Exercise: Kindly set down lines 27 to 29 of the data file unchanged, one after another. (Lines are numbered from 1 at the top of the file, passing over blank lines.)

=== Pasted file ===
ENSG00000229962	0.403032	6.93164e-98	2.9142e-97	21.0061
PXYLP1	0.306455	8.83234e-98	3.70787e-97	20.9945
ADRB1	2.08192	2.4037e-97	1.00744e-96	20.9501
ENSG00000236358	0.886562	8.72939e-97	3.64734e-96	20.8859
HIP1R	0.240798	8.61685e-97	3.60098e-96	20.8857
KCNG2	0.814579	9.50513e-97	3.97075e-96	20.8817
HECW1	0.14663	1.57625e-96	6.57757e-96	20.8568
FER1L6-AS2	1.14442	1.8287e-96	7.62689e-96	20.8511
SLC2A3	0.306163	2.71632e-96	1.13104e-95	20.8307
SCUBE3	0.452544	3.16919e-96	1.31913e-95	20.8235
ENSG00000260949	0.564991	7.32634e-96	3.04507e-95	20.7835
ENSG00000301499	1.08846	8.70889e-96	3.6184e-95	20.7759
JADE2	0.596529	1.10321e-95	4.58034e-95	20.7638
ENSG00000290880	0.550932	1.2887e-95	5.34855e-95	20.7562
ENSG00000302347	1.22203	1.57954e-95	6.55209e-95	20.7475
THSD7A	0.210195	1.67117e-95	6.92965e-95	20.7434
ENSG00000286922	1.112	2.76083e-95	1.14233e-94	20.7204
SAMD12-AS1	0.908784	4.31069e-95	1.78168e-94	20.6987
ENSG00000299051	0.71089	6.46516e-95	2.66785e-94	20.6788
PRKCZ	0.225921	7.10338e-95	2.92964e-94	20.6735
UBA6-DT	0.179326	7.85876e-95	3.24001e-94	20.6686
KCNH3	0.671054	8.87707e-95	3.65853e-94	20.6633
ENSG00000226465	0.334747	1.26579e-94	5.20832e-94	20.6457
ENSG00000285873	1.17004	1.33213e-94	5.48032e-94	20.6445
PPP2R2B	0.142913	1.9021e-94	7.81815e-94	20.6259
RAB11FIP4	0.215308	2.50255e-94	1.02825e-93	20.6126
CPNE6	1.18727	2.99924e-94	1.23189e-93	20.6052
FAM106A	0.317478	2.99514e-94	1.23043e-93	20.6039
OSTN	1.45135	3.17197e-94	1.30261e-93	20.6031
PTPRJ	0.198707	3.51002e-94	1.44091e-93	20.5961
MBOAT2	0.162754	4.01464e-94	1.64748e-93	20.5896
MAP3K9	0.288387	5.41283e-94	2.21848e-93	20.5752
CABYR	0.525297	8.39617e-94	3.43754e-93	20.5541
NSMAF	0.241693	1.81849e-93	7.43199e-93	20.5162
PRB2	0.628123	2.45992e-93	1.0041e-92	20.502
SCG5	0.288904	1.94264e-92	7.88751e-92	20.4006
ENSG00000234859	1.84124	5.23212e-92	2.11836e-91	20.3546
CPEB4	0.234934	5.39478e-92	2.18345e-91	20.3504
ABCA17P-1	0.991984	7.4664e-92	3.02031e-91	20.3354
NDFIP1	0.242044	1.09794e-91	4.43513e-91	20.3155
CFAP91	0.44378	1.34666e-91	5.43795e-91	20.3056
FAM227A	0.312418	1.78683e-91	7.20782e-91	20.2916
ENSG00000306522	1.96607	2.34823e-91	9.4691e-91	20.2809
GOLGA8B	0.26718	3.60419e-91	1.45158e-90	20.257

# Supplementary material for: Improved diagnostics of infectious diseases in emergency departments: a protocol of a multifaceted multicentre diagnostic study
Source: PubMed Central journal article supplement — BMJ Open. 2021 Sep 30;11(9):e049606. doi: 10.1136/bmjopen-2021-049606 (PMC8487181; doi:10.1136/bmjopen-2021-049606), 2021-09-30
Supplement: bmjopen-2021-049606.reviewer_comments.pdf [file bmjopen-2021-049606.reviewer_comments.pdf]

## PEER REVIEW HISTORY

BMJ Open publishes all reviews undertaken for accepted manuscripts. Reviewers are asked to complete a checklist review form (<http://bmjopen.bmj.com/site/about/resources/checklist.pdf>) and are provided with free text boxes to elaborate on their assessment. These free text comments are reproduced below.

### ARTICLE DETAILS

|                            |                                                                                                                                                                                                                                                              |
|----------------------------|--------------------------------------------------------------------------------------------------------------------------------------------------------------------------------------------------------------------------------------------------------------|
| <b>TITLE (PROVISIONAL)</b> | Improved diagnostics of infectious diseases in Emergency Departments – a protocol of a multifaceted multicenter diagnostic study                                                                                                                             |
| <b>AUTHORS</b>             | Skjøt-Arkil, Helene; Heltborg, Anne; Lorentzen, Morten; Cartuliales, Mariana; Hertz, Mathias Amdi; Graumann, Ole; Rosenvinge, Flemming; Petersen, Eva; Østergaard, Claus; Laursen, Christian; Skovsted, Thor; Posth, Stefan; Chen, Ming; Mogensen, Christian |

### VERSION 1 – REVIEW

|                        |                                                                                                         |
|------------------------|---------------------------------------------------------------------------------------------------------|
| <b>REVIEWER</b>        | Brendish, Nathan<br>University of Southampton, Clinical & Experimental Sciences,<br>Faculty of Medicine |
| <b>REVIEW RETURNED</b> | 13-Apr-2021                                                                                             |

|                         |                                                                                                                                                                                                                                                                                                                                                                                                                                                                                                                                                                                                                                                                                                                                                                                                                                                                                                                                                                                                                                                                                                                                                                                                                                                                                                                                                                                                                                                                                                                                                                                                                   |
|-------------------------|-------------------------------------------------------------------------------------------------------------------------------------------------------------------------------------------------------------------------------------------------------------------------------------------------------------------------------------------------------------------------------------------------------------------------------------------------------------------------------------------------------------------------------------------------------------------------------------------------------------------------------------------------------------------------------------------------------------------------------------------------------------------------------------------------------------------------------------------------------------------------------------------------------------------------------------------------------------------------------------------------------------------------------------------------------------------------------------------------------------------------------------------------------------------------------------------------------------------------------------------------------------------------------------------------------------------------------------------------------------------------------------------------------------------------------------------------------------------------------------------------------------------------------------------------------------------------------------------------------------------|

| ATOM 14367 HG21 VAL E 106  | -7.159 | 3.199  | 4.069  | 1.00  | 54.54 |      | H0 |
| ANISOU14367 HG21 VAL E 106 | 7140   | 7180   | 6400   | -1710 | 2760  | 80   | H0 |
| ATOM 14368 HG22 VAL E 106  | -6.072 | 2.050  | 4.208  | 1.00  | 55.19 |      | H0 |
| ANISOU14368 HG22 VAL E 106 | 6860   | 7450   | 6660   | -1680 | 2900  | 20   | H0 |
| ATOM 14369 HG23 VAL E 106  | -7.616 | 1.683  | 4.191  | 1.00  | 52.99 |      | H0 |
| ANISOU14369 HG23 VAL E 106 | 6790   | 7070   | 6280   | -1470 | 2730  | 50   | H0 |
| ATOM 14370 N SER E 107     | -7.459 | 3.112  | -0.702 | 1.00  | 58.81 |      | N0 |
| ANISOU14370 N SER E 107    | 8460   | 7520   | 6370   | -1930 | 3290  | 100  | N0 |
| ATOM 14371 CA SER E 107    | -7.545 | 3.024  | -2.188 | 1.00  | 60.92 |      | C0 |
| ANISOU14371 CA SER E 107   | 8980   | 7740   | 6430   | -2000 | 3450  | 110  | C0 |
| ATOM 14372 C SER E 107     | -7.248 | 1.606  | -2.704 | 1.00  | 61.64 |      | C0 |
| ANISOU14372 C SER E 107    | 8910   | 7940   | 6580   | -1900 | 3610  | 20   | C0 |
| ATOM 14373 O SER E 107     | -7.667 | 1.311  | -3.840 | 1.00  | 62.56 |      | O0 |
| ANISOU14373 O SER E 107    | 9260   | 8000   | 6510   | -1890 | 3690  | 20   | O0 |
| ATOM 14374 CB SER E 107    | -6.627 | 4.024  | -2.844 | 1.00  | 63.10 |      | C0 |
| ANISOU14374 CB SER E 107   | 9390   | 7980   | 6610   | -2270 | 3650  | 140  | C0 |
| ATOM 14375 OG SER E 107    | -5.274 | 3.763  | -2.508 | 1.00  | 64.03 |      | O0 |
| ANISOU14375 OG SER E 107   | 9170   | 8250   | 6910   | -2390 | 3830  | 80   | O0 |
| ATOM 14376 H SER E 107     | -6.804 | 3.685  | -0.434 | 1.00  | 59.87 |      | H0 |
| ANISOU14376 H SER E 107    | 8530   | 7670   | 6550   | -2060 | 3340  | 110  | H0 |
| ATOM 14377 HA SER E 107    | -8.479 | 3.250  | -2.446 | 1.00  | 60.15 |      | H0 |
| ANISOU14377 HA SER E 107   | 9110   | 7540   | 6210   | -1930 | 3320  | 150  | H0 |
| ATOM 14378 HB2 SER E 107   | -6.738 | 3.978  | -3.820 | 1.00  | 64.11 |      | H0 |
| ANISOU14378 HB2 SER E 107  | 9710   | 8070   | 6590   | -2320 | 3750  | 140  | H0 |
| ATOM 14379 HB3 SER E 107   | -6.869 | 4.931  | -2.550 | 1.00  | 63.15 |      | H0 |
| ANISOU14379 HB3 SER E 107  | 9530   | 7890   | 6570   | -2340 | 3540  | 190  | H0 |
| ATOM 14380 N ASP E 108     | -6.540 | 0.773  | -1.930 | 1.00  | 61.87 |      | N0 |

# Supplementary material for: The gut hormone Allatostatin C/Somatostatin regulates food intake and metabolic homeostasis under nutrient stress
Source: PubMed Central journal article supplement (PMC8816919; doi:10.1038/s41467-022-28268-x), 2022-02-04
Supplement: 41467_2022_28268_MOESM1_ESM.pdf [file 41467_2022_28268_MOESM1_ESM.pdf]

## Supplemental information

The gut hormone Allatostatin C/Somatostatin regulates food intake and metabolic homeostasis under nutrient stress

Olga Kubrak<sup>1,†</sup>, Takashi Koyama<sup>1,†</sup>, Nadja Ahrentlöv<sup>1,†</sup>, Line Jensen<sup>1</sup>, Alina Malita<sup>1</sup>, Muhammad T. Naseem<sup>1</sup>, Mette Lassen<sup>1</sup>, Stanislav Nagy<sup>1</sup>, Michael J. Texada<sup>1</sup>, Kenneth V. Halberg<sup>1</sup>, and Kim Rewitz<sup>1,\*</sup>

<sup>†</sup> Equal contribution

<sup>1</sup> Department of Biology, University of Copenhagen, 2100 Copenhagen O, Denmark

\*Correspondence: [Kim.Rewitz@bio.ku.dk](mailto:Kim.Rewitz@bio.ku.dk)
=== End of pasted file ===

CPNE6	1.18727	2.99924e-94	1.23189e-93	20.6052
FAM106A	0.317478	2.99514e-94	1.23043e-93	20.6039
OSTN	1.45135	3.17197e-94	1.30261e-93	20.6031